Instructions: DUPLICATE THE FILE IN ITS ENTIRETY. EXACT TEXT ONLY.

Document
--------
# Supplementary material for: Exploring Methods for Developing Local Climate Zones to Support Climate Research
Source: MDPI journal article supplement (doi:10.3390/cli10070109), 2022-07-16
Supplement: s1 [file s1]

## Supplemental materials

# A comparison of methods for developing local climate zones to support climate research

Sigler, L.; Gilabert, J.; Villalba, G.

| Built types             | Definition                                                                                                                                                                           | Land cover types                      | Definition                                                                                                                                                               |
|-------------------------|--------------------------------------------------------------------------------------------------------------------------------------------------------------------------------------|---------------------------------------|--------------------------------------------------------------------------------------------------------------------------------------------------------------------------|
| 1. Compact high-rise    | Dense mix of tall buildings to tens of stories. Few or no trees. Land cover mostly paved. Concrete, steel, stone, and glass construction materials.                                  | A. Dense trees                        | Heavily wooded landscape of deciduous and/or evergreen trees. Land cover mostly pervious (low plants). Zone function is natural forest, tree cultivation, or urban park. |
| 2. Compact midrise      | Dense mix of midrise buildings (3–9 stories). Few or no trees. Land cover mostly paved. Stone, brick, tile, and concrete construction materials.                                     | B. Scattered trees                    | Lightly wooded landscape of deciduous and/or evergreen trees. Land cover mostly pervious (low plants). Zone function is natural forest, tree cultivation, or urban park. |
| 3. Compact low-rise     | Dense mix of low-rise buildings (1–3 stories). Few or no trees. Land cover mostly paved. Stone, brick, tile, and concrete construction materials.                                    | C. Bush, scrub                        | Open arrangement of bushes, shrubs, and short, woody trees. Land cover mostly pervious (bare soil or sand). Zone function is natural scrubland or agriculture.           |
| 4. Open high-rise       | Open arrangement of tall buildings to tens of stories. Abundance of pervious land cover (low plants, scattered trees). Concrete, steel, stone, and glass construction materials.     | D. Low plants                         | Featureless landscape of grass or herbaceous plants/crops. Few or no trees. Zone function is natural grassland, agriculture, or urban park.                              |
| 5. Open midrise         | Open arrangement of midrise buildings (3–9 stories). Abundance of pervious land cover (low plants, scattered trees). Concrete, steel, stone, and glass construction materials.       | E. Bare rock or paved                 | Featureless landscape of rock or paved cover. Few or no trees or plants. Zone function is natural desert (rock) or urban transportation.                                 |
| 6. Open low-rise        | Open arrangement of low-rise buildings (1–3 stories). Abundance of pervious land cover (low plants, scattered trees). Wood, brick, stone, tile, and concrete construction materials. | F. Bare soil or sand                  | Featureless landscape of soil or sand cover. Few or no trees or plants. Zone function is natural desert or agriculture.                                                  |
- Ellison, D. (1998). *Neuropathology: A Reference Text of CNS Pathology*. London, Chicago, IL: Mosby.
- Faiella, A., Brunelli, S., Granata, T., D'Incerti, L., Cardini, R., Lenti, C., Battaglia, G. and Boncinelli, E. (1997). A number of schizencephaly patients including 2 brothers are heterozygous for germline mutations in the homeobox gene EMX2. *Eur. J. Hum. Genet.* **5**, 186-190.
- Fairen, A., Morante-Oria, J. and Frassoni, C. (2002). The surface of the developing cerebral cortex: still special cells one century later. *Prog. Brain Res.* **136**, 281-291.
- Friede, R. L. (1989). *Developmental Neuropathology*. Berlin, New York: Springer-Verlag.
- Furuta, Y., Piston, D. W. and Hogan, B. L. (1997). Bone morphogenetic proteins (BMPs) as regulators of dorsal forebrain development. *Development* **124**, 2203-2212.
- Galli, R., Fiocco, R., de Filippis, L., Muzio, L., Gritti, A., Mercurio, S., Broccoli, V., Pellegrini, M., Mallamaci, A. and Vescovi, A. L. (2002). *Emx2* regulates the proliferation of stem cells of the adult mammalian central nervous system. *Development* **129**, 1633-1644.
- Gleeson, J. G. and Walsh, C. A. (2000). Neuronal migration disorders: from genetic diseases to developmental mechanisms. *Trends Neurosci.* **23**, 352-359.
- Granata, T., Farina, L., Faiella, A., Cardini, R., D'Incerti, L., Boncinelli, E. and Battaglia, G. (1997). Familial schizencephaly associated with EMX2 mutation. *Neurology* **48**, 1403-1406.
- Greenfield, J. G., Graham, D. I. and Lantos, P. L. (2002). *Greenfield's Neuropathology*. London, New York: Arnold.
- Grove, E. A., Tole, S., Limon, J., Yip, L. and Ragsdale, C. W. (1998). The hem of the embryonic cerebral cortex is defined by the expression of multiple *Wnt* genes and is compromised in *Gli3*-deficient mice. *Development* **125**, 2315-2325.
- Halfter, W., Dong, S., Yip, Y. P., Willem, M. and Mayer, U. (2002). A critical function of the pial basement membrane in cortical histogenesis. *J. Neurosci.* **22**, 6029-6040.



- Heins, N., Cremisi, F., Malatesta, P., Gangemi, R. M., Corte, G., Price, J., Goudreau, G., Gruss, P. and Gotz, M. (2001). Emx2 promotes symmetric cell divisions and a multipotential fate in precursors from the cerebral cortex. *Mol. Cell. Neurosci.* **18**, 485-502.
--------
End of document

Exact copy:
# Supplementary material for: Exploring Methods for Developing Local Climate Zones to Support Climate Research
Source: MDPI journal article supplement (doi:10.3390/cli10070109), 2022-07-16
Supplement: s1 [file s1]

## Supplemental materials

# A comparison of methods for developing local climate zones to support climate research

Sigler, L.; Gilabert, J.; Villalba, G.

| Built types             | Definition                                                                                                                                                                           | Land cover types                      | Definition                                                                                                                                                               |
|-------------------------|--------------------------------------------------------------------------------------------------------------------------------------------------------------------------------------|---------------------------------------|--------------------------------------------------------------------------------------------------------------------------------------------------------------------------|
| 1. Compact high-rise    | Dense mix of tall buildings to tens of stories. Few or no trees. Land cover mostly paved. Concrete, steel, stone, and glass construction materials.                                  | A. Dense trees                        | Heavily wooded landscape of deciduous and/or evergreen trees. Land cover mostly pervious (low plants). Zone function is natural forest, tree cultivation, or urban park. |
| 2. Compact midrise      | Dense mix of midrise buildings (3–9 stories). Few or no trees. Land cover mostly paved. Stone, brick, tile, and concrete construction materials.                                     | B. Scattered trees                    | Lightly wooded landscape of deciduous and/or evergreen trees. Land cover mostly pervious (low plants). Zone function is natural forest, tree cultivation, or urban park. |
| 3. Compact low-rise     | Dense mix of low-rise buildings (1–3 stories). Few or no trees. Land cover mostly paved. Stone, brick, tile, and concrete construction materials.                                    | C. Bush, scrub                        | Open arrangement of bushes, shrubs, and short, woody trees. Land cover mostly pervious (bare soil or sand). Zone function is natural scrubland or agriculture.           |
| 4. Open high-rise       | Open arrangement of tall buildings to tens of stories. Abundance of pervious land cover (low plants, scattered trees). Concrete, steel, stone, and glass construction materials.     | D. Low plants                         | Featureless landscape of grass or herbaceous plants/crops. Few or no trees. Zone function is natural grassland, agriculture, or urban park.                              |
| 5. Open midrise         | Open arrangement of midrise buildings (3–9 stories). Abundance of pervious land cover (low plants, scattered trees). Concrete, steel, stone, and glass construction materials.       | E. Bare rock or paved                 | Featureless landscape of rock or paved cover. Few or no trees or plants. Zone function is natural desert (rock) or urban transportation.                                 |
| 6. Open low-rise        | Open arrangement of low-rise buildings (1–3 stories). Abundance of pervious land cover (low plants, scattered trees). Wood, brick, stone, tile, and concrete construction materials. | F. Bare soil or sand                  | Featureless landscape of soil or sand cover. Few or no trees or plants. Zone function is natural desert or agriculture.                                                  |
- Ellison, D. (1998). *Neuropathology: A Reference Text of CNS Pathology*. London, Chicago, IL: Mosby.
- Faiella, A., Brunelli, S., Granata, T., D'Incerti, L., Cardini, R., Lenti, C., Battaglia, G. and Boncinelli, E. (1997). A number of schizencephaly patients including 2 brothers are heterozygous for germline mutations in the homeobox gene EMX2. *Eur. J. Hum. Genet.* **5**, 186-190.
- Fairen, A., Morante-Oria, J. and Frassoni, C. (2002). The surface of the developing cerebral cortex: still special cells one century later. *Prog. Brain Res.* **136**, 281-291.
- Friede, R. L. (1989). *Developmental Neuropathology*. Berlin, New York: Springer-Verlag.
- Furuta, Y., Piston, D. W. and Hogan, B. L. (1997). Bone morphogenetic proteins (BMPs) as regulators of dorsal forebrain development. *Development* **124**, 2203-2212.
- Galli, R., Fiocco, R., de Filippis, L., Muzio, L., Gritti, A., Mercurio, S., Broccoli, V., Pellegrini, M., Mallamaci, A. and Vescovi, A. L. (2002). *Emx2* regulates the proliferation of stem cells of the adult mammalian central nervous system. *Development* **129**, 1633-1644.
- Gleeson, J. G. and Walsh, C. A. (2000). Neuronal migration disorders: from genetic diseases to developmental mechanisms. *Trends Neurosci.* **23**, 352-359.
- Granata, T., Farina, L., Faiella, A., Cardini, R., D'Incerti, L., Boncinelli, E. and Battaglia, G. (1997). Familial schizencephaly associated with EMX2 mutation. *Neurology* **48**, 1403-1406.
- Greenfield, J. G., Graham, D. I. and Lantos, P. L. (2002). *Greenfield's Neuropathology*. London, New York: Arnold.
- Grove, E. A., Tole, S., Limon, J., Yip, L. and Ragsdale, C. W. (1998). The hem of the embryonic cerebral cortex is defined by the expression of multiple *Wnt* genes and is compromised in *Gli3*-deficient mice. *Development* **125**, 2315-2325.
- Halfter, W., Dong, S., Yip, Y. P., Willem, M. and Mayer, U. (2002). A critical function of the pial basement membrane in cortical histogenesis. *J. Neurosci.* **22**, 6029-6040.



- Heins, N., Cremisi, F., Malatesta, P., Gangemi, R. M., Corte, G., Price, J., Goudreau, G., Gruss, P. and Gotz, M. (2001). Emx2 promotes symmetric cell divisions and a multipotential fate in precursors from the cerebral cortex. *Mol. Cell. Neurosci.* **18**, 485-502.